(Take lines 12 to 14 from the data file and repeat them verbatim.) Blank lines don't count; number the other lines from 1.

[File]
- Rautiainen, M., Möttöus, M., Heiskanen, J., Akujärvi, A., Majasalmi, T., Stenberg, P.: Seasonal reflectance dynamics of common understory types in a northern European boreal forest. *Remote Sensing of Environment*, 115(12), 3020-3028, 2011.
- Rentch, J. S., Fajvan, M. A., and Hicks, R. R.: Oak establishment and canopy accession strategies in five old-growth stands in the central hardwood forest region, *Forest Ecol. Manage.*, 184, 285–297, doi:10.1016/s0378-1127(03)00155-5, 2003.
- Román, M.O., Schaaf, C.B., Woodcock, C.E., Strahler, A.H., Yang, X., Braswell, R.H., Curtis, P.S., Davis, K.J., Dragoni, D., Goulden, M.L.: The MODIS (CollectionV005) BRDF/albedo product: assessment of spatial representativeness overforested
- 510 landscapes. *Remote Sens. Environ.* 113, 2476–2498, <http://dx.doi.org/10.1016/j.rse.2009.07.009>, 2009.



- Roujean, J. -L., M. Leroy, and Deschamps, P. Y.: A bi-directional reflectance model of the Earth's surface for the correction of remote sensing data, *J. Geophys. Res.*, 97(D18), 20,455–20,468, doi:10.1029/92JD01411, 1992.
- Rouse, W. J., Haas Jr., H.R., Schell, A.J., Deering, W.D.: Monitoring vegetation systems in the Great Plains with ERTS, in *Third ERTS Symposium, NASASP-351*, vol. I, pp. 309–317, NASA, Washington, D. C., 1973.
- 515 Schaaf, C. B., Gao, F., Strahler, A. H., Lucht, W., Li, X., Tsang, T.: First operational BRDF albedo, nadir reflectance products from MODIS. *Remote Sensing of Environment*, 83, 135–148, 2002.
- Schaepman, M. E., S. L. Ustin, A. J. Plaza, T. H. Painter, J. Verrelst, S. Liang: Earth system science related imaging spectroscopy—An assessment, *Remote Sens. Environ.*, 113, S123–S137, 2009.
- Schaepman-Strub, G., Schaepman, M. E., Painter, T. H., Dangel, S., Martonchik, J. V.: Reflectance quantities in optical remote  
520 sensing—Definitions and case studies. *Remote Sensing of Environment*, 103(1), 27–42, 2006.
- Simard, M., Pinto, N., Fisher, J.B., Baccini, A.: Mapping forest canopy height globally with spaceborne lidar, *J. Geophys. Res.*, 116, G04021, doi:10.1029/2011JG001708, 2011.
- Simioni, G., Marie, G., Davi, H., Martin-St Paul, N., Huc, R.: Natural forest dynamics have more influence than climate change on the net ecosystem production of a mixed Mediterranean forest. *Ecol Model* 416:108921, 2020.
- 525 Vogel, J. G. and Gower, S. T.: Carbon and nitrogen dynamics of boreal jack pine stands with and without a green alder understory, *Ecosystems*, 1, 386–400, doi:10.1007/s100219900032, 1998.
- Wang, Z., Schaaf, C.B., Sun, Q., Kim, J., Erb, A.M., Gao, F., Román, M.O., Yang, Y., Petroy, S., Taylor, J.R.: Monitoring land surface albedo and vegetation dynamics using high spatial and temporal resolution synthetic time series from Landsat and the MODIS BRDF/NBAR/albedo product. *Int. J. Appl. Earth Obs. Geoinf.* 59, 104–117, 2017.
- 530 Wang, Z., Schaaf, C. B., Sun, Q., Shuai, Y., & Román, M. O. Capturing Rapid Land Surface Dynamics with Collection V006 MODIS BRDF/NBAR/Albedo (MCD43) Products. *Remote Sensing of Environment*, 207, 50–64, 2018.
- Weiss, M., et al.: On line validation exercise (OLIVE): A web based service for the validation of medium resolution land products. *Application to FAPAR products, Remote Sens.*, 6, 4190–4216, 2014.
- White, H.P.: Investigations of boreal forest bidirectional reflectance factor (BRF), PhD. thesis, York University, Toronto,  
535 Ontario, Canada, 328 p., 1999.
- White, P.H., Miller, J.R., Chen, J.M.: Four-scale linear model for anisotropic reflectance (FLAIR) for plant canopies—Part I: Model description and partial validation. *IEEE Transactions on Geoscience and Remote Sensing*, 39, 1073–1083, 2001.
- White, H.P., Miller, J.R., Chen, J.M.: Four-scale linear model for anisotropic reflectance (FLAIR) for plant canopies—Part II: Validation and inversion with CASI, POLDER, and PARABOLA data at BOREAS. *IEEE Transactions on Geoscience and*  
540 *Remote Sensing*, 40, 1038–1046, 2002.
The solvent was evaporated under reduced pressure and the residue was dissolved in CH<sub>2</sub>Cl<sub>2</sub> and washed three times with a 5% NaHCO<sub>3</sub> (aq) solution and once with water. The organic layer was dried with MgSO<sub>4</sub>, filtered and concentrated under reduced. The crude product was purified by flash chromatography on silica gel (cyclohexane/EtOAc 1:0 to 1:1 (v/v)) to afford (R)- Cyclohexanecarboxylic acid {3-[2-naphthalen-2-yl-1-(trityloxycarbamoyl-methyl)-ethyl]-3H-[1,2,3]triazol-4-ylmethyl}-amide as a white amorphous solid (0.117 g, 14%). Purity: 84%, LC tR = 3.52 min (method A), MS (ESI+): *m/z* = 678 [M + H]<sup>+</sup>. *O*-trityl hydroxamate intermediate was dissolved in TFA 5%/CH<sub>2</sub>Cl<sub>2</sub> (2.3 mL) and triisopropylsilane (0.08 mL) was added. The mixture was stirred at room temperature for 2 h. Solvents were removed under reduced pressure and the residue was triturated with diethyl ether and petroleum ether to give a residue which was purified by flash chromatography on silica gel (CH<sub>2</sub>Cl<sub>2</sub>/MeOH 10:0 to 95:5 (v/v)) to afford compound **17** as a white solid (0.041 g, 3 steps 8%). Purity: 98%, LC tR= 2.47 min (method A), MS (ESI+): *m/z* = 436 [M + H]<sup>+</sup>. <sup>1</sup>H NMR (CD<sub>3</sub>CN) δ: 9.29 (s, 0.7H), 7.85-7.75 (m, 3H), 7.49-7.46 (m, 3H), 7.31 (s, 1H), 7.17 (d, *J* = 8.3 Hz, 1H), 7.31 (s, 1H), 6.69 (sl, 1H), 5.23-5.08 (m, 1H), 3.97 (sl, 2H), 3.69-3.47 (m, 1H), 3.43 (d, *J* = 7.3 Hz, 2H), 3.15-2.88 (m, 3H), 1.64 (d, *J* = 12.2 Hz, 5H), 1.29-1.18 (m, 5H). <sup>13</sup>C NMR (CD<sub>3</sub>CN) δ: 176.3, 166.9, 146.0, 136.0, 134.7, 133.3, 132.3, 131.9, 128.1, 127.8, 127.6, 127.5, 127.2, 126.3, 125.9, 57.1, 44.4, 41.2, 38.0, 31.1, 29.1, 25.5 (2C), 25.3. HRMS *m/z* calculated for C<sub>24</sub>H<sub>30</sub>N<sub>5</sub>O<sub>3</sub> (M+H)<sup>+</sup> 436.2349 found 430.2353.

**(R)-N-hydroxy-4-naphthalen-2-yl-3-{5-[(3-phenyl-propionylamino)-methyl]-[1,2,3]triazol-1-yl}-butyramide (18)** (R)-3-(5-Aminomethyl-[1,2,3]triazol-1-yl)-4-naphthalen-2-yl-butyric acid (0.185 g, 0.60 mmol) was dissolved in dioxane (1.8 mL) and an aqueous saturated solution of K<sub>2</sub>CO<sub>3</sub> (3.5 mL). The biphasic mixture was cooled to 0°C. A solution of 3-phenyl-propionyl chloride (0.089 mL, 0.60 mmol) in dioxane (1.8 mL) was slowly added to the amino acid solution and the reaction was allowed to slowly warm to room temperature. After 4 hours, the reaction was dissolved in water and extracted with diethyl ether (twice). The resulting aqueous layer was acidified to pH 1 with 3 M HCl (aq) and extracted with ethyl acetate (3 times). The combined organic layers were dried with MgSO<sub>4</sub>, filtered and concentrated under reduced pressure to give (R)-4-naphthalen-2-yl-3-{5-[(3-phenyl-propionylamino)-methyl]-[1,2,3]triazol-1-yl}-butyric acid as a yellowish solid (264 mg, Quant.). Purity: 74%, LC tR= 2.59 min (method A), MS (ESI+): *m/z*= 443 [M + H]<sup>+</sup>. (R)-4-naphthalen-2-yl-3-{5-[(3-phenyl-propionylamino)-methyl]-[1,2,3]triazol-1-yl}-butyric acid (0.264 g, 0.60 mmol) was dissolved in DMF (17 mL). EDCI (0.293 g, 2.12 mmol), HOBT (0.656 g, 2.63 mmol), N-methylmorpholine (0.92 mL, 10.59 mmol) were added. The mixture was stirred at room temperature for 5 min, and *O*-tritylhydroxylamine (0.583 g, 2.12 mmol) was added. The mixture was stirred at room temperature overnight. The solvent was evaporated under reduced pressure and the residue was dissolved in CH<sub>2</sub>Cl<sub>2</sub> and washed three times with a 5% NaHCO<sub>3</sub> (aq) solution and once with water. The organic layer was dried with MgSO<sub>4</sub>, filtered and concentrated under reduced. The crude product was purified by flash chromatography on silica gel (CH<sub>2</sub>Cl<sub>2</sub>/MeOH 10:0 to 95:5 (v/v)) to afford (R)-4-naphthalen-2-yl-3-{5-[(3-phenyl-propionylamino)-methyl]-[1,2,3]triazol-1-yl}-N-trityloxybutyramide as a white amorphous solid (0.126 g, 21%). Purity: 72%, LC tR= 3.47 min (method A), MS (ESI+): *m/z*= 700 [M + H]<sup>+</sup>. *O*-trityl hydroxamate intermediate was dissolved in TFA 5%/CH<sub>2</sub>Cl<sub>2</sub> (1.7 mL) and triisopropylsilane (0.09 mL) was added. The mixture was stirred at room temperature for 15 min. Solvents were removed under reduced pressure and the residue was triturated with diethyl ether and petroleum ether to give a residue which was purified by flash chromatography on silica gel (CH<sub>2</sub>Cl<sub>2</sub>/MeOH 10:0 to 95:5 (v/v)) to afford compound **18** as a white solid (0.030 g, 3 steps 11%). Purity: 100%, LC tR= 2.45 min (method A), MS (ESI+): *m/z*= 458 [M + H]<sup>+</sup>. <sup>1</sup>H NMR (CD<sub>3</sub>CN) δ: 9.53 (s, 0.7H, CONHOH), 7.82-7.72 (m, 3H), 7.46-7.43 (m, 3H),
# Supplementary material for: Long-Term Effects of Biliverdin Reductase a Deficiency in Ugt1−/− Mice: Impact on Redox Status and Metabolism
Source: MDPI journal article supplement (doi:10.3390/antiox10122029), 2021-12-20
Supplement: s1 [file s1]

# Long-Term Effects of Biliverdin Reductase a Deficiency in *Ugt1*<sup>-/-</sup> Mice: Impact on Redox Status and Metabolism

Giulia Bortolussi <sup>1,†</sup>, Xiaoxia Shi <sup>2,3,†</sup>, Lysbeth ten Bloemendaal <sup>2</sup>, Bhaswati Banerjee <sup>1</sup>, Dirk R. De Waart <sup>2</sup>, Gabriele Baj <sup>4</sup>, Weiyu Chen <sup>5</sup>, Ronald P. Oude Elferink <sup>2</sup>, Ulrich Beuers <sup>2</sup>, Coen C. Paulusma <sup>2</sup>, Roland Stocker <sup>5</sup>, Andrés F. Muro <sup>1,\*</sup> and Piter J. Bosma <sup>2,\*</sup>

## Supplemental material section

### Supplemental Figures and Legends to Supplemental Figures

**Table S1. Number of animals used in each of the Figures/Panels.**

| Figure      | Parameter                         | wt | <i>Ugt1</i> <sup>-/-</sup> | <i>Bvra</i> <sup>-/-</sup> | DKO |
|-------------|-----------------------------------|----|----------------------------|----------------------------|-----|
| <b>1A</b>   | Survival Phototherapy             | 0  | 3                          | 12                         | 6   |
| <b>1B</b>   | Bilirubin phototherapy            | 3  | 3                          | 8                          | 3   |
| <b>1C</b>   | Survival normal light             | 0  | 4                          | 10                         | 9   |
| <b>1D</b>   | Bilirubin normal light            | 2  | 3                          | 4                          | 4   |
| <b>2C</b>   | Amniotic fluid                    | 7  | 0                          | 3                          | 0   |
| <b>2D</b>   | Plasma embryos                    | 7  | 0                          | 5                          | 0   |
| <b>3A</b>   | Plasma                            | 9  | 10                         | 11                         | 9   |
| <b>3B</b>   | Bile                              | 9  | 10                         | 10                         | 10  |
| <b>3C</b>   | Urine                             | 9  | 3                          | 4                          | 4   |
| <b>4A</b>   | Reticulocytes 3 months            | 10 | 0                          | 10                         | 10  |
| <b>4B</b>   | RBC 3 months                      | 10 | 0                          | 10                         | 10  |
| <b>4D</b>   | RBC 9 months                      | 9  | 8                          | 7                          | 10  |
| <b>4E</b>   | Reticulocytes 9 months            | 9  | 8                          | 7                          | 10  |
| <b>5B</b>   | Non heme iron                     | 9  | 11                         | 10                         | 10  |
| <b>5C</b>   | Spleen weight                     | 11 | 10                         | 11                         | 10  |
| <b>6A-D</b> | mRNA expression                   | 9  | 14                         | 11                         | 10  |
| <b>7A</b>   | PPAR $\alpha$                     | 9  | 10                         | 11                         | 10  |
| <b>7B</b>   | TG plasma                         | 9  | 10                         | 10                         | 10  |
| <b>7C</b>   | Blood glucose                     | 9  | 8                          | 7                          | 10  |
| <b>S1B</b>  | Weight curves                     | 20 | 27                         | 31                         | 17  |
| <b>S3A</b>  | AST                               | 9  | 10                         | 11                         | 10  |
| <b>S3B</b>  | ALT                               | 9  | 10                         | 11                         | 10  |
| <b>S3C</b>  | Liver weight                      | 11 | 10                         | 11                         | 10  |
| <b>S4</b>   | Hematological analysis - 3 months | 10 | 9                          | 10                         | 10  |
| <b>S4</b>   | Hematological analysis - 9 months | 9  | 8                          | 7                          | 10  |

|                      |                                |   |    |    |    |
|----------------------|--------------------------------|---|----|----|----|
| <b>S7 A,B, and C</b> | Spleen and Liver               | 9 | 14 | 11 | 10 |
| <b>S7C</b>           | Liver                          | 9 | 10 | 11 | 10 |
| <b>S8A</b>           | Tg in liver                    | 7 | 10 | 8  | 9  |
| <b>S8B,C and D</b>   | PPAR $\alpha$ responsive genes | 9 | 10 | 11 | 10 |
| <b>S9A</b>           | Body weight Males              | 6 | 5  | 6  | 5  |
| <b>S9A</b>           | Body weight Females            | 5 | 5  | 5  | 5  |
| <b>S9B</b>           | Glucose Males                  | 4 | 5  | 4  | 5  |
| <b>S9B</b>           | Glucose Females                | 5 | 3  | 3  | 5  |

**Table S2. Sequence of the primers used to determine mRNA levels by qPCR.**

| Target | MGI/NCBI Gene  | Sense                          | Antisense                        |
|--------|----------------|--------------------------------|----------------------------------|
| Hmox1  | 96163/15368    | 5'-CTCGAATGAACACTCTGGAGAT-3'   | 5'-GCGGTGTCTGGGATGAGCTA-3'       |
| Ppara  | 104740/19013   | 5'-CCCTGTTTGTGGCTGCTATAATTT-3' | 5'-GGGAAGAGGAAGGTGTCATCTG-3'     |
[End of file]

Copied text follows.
- Simioni, G., Marie, G., Davi, H., Martin-St Paul, N., Huc, R.: Natural forest dynamics have more influence than climate change on the net ecosystem production of a mixed Mediterranean forest. *Ecol Model* 416:108921, 2020.
- 525 Vogel, J. G. and Gower, S. T.: Carbon and nitrogen dynamics of boreal jack pine stands with and without a green alder understory, *Ecosystems*, 1, 386–400, doi:10.1007/s100219900032, 1998.
- Wang, Z., Schaaf, C.B., Sun, Q., Kim, J., Erb, A.M., Gao, F., Román, M.O., Yang, Y., Petroy, S., Taylor, J.R.: Monitoring land surface albedo and vegetation dynamics using high spatial and temporal resolution synthetic time series from Landsat and the MODIS BRDF/NBAR/albedo product. *Int. J. Appl. Earth Obs. Geoinf.* 59, 104–117, 2017.